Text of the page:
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Review: Paper Monsters Recut

Jason Clement

Developer: Mobot Studios, Inc.

Publisher: Mobot Studios, Inc.

Platforms: Wii U eShop

Steam (coming soon)

Release Date: October 16, 2014

ESRB: E for Everyone



Papercraft visuals are something I really hope start catching on with more video games nowadays. There's just something so darn charming and fantastic about it that I can't help but be won over by the look in a lot of cases. Paper Monsters Recut nails this visual style extremely well in most aspects, even if it's not quite as ambitious as what Different Tuna did with Derrick the Deathfin a few years ago, where they used real papercraft to model and film its characters. And being a 2D platformer, there are definite similarities to LittleBigPlanet with its aesthetic choice as well. Unfortunately, the actual gameplay doesn't quite match up with the ambition shown on the visual front.




At the outset of the game you're introduced to its paper world, fittingly called Paper Land, where a villain named Lord Papyrus has taken over with his minions of paper monsters. Of course, the only one capable of stopping him is you, a character made out of... cardboard. That's essentially as much of a story as you'll get since there isn't much more to it than that. You're given a quick tutorial level at the very beginning to understand the basics of what's what and off you go to rescue Paper Land.


An overworld side-scrolling hub connects each world and its levels, and you'll eventually work through them in a linear fashion, though there are some worlds that you can choose to go to before others. You'll also find some minigames and other hidden things if you explore around a little, but as a whole, there isn't a ton to see or uncover in the overworld area. Levels play through as a fundamental platformer—you'll run and double jump between platforms throughout each level, collecting buttons (essentially this game's version of coins) along the way as well as three golden paperclips that are generally hidden (or at least out of the way). I usually found that the latter weren't too hard to find in most levels, which was a little disappointing. Enemies also don't pose much of a threat as most are rather slow and can be defeated with a single bop on the head from a jump.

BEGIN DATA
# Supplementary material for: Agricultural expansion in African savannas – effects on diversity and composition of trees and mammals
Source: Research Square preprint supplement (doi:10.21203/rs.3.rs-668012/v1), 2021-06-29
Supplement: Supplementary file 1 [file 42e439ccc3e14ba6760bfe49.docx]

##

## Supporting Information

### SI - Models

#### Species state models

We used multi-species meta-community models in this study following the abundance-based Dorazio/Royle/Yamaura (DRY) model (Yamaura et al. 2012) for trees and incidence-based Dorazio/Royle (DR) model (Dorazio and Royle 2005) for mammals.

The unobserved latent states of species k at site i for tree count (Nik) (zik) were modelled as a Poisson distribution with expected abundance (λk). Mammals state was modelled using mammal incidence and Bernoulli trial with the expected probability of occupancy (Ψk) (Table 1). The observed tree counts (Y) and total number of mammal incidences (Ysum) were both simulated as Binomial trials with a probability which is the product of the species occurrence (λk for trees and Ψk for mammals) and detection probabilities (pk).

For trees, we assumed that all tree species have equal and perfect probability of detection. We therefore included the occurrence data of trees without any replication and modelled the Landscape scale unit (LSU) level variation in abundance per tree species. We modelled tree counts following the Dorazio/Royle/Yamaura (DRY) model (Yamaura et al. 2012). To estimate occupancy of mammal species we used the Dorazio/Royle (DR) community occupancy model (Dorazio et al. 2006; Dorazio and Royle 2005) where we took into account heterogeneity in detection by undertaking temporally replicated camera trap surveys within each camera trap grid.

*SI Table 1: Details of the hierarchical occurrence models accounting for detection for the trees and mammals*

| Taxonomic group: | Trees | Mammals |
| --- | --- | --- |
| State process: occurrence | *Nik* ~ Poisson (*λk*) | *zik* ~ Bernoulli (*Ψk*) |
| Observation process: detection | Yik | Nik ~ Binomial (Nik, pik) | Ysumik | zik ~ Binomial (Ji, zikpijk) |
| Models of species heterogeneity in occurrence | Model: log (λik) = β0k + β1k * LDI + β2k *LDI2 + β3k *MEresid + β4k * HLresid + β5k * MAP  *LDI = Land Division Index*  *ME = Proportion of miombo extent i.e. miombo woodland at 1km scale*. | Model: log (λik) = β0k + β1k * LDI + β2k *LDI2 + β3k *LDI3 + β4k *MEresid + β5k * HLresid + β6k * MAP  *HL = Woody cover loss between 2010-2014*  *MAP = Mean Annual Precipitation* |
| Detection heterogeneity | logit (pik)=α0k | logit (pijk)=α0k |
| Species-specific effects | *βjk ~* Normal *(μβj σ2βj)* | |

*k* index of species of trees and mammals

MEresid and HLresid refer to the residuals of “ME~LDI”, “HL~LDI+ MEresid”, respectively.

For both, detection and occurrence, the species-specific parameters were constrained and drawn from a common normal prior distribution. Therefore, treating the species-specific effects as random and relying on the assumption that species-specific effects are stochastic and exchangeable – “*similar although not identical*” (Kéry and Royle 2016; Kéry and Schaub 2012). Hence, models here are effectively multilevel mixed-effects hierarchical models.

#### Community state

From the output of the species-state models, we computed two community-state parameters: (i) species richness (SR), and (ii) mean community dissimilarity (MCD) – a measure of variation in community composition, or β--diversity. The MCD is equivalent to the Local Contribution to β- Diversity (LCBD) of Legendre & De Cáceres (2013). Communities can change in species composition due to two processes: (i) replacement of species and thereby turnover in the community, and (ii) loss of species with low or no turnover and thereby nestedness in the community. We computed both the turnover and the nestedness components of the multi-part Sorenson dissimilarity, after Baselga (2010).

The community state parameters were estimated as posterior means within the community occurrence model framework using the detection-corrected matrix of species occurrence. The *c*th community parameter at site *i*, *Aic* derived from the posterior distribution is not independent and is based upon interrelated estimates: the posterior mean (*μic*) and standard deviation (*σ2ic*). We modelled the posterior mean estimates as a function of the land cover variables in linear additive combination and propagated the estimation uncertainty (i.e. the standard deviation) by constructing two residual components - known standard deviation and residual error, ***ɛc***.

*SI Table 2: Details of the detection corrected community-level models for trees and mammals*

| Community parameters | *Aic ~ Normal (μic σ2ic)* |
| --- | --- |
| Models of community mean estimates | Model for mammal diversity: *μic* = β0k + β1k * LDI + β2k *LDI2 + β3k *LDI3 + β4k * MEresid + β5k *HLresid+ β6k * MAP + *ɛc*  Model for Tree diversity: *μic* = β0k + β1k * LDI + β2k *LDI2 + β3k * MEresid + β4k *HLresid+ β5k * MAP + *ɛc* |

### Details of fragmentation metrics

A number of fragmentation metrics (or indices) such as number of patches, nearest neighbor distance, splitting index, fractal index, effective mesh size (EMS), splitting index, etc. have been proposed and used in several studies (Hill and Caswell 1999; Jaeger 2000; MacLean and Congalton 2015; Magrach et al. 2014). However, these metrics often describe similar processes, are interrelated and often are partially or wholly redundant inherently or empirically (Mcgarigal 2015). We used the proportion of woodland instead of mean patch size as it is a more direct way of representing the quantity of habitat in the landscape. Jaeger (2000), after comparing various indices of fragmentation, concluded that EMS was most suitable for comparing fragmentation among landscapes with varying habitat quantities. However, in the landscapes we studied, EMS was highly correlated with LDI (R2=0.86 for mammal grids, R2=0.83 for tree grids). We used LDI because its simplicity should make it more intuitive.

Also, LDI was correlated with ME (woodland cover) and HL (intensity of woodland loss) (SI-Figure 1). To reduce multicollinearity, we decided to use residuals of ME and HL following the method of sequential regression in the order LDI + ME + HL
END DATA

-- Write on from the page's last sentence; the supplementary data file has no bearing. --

Worlds run the gamut of themes from your typical grassy and blue sky "first world" to space, western, ice world, and more. Some of them have unique aspects beyond their aesthetic, such as the space world giving the protagonist a space suit, laser gun, and a jetpack that you can use when it has sufficient fuel. There also some segments where you'll control a submarine, a sled, or in later levels, a helicopter. By and large, I found that most of these don't really change up the pace that much and aren't that well-executed (maybe except for the submarine); the sled, for example, is rather slow and lacks the thrill of speed (either downhill or horizontally) like you'd expect from the real experience.




Unfortunately, the biggest gripe I have with the game is that the different worlds never truly feel that much different from each other, other than their theme. Level design never really becomes that differentiated throughout and many areas feel entirely too similar, save for the Space levels and some at the very end. It's a shame too because I enjoyed the first world thoroughly, but many levels begin to feel the same after that, just with different backgrounds and such. There's also little to no creative use of the papercraft style to make inspired platforming puzzles or design choices, like LittleBigPlanet or Kirby's Epic Yarn have done in the past. The papercraft visuals are purely an aesthetic choice, and that's all there is to it. It may look like paper, but it doesn't entirely feel like it.


When it comes to the game's soundtrack, it's a bit hit-and-miss as well. There are a few tracks I really enjoyed, though much of the different tracks and themes are largely repetitive with the same beats and loops, not to mention short, making it a little bit hard to listen to over and over. They do tend to fit each world's theme well, though.


Overall, the very best things Paper Monsters Recut has going for it are its charming visuals and presentation. I hoped that the gameplay would measure up to such a unique theme, but in the end, much of it does feel a bit bland and uninspired when it comes to level design. Still, there are enjoyable moments to it and Mobot Studios does manage to pack in a good amount of content for only $8. It may be a bit easy for most hardcore platformer enthusiasts, making it ideal mostly for children and younger gamers in general, but if you're hungry for platform games and have nothing to play, it might be worth checking out.




+ Beautiful, charming papercraft visuals

+ Decent amount of content and levels, giving you 4-5 hours worth




- Much of the level design leaves a lot to be desired

- Virtually no creativity with the papercraft theme


Overall Score: 6 (out of 10)



Paper Monsters Recut has a charming papercraft look but falls somewhat flat with its level design. Still, it has its moments and may be worth looking into for platformer enthusiasts and younger gamers.


Disclosure: This game was reviewed using downloadable Wii U code provided by the publisher.

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